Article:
During the golden age of muscle cars, Chrysler’s Dodge and Plymouth divisions were at the forefront of the movement with their iconic designs and powerful engines. These American carmakers, along with AMC, unleashed a lineup of cool and high-performance models equipped with impressive V8 engines.
One of the standout engines of this era was the 340 Small Block. Part of the LA lineage of pushrod OHV small-block engines, the 340-ci V8 was introduced in the late 1960s. It was a lightweight and high-performance version of the standard 318-ci engine, featuring high-flow heads, bigger ports, and a two-level intake manifold. The small-block initially produced 275 horsepower and 340 lb-ft of torque, but by 1970, with the introduction of the Six Pack version, these figures went up to 290 horsepower and 345 lb-ft of torque. The 340 engine was available in various Dodge and Plymouth muscle cars, including the Duster 340, Dart GTS, Road Runner, Superbee, and Charger.
Another notable engine was the 383 Magnum. Part of the B engine family, the 383-ci big block was initially used in select Chrysler full-size models. However, in the late 1960s, it transformed into a high-performance V8, equipped with a four-barrel carburetor, upgraded cylinder heads, camshaft, and exhaust manifolds. This version of the 383 was rated at 335 horsepower and 425 lb-ft of torque between 1968 and 1970. Known as the 383 Magnum, it powered various Dodge and Plymouth pony cars and intermediates, such as the Cuda, Challenger, Charger, Super Bee, and Road Runner.
The 440 Six Pack was another legendary Mopar V8 engine. Launched in 1965 and produced until 1978, the 440-ci V8 was the largest member of the RB engine family. The high-performance version of the 440 featured a four-barrel carburetor and was rated at 375 horsepower and 480 lb-ft of torque from 1967 to 1970. However, midway through the 1969 model year, Dodge and Plymouth introduced a new version called the 440 Six Pack, designed to bridge the gap between the standard 383 Magnum and the expensive 426 HEMI. This V8 engine featured an aluminum intake manifold with three two-barrel Holley carburetors, allowing it to produce 390 horsepower and an impressive 490 lb-ft of torque. The 440 Six Pack was available in models like the Charger, Challenger, Coronet, GTX, and Barracuda.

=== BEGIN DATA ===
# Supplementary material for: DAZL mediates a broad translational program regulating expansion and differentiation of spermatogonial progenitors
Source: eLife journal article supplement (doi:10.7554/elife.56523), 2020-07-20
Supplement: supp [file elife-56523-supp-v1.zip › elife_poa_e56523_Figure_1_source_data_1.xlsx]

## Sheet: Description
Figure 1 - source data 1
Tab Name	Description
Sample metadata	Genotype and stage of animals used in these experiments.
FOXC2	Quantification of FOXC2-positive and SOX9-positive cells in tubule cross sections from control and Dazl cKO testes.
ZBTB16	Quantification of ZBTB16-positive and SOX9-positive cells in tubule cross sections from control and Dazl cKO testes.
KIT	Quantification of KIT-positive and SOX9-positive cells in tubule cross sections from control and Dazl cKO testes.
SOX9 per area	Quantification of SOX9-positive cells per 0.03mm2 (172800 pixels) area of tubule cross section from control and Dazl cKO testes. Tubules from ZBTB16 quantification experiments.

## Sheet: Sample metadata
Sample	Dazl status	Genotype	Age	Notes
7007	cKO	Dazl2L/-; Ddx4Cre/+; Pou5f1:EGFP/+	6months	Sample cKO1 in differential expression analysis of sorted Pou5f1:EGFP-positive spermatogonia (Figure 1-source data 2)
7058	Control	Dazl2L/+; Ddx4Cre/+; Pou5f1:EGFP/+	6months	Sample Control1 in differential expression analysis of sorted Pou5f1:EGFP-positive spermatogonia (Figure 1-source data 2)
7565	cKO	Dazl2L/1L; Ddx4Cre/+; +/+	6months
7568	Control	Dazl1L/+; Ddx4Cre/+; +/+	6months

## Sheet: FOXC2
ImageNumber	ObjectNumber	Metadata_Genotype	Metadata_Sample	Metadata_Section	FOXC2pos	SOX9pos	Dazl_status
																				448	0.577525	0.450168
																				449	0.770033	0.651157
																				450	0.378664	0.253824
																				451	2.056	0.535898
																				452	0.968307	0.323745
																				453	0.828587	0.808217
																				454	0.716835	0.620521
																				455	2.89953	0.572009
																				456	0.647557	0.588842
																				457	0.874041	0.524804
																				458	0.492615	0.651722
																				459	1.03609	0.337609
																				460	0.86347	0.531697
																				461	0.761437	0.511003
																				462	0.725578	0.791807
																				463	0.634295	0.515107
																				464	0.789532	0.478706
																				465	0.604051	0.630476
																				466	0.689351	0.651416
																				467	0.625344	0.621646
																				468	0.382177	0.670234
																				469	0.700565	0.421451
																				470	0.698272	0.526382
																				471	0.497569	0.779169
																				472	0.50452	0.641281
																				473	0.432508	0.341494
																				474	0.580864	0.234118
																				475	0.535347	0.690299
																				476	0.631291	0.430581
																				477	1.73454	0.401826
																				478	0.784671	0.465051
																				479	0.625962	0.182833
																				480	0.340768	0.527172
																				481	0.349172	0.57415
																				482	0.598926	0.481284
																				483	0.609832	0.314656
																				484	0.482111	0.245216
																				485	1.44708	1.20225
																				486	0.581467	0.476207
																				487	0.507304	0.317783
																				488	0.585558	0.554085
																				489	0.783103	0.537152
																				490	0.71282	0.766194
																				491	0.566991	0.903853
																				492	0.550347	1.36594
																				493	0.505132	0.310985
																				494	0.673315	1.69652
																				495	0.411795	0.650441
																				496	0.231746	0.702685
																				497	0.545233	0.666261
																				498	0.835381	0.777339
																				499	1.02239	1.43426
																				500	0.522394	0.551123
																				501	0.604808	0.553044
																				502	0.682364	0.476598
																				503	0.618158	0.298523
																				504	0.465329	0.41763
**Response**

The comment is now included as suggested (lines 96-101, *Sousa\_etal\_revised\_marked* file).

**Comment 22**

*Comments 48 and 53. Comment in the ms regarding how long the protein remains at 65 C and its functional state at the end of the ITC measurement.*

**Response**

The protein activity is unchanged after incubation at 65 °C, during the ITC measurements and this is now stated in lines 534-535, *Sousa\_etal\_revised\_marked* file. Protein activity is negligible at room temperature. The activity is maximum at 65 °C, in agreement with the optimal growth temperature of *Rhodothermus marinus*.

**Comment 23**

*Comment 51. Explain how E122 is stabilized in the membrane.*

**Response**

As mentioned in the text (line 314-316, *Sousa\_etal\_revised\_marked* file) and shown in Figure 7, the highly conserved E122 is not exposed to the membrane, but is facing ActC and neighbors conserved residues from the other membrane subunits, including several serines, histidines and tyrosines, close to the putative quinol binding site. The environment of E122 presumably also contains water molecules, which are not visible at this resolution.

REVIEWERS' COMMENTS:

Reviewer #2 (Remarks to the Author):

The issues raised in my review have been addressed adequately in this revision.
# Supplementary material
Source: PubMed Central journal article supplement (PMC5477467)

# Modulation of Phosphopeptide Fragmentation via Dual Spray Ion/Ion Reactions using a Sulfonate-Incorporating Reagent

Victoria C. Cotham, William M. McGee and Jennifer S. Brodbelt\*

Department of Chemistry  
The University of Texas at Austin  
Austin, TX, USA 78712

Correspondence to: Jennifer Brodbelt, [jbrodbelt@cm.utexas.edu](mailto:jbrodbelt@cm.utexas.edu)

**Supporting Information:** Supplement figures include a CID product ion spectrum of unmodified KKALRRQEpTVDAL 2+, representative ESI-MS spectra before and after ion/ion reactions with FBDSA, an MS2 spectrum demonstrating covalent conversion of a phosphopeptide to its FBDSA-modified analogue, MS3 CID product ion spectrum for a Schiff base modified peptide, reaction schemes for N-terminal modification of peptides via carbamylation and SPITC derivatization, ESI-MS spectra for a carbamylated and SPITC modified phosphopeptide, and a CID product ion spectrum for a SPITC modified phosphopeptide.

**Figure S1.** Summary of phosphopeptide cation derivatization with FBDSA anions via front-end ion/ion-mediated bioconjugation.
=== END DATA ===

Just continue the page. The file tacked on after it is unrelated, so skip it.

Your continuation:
Before the legendary 426 HEMI, there was the 426 Max Wedge. Introduced in 1962, the Max Wedge was Chrysler’s high-performance V8 engine before the HEMI took over. Initially displacing 413 ci, it received upgrades like beefier internals, new heads with larger ports and valves, a special camshaft, and a new intake with two Carter carbs. In 1963, it was enlarged to 426 ci, offering peak power of 415 or 425 horsepower and 480 lb-ft of torque. The Max Wedge was a drag racing-oriented engine available as an option for select Dodge and Plymouth models.
Unquestionably, the most famous American V8 from this era was the 426 HEMI. Affectionately known as the Elephant engine, it was initially created for NASCAR dominance. After being banned by the competition’s governing body in 1965, the 426 HEMI became available in street versions for the 1966 model year. Compared to the race version, the street HEMI featured dual carbs, a lower compression ratio, and standard materials for the internals. It produced 425 horsepower and 490 lb-ft of torque, making it one of the most powerful engines available. The HEMI became a staple in high-performance Mopar intermediates, as well as the Cuda and Challenger pony cars, until its discontinuation in 1971.
These impressive engines from Chrysler’s Dodge and Plymouth divisions defined the muscle car era with their timeless designs and powerful performance. Although the 426 HEMI often steals the spotlight, the 340 Small Block, 383 Magnum, 440 Six Pack, and 426 Max Wedge also deserve recognition for their contributions to the golden age of muscle cars.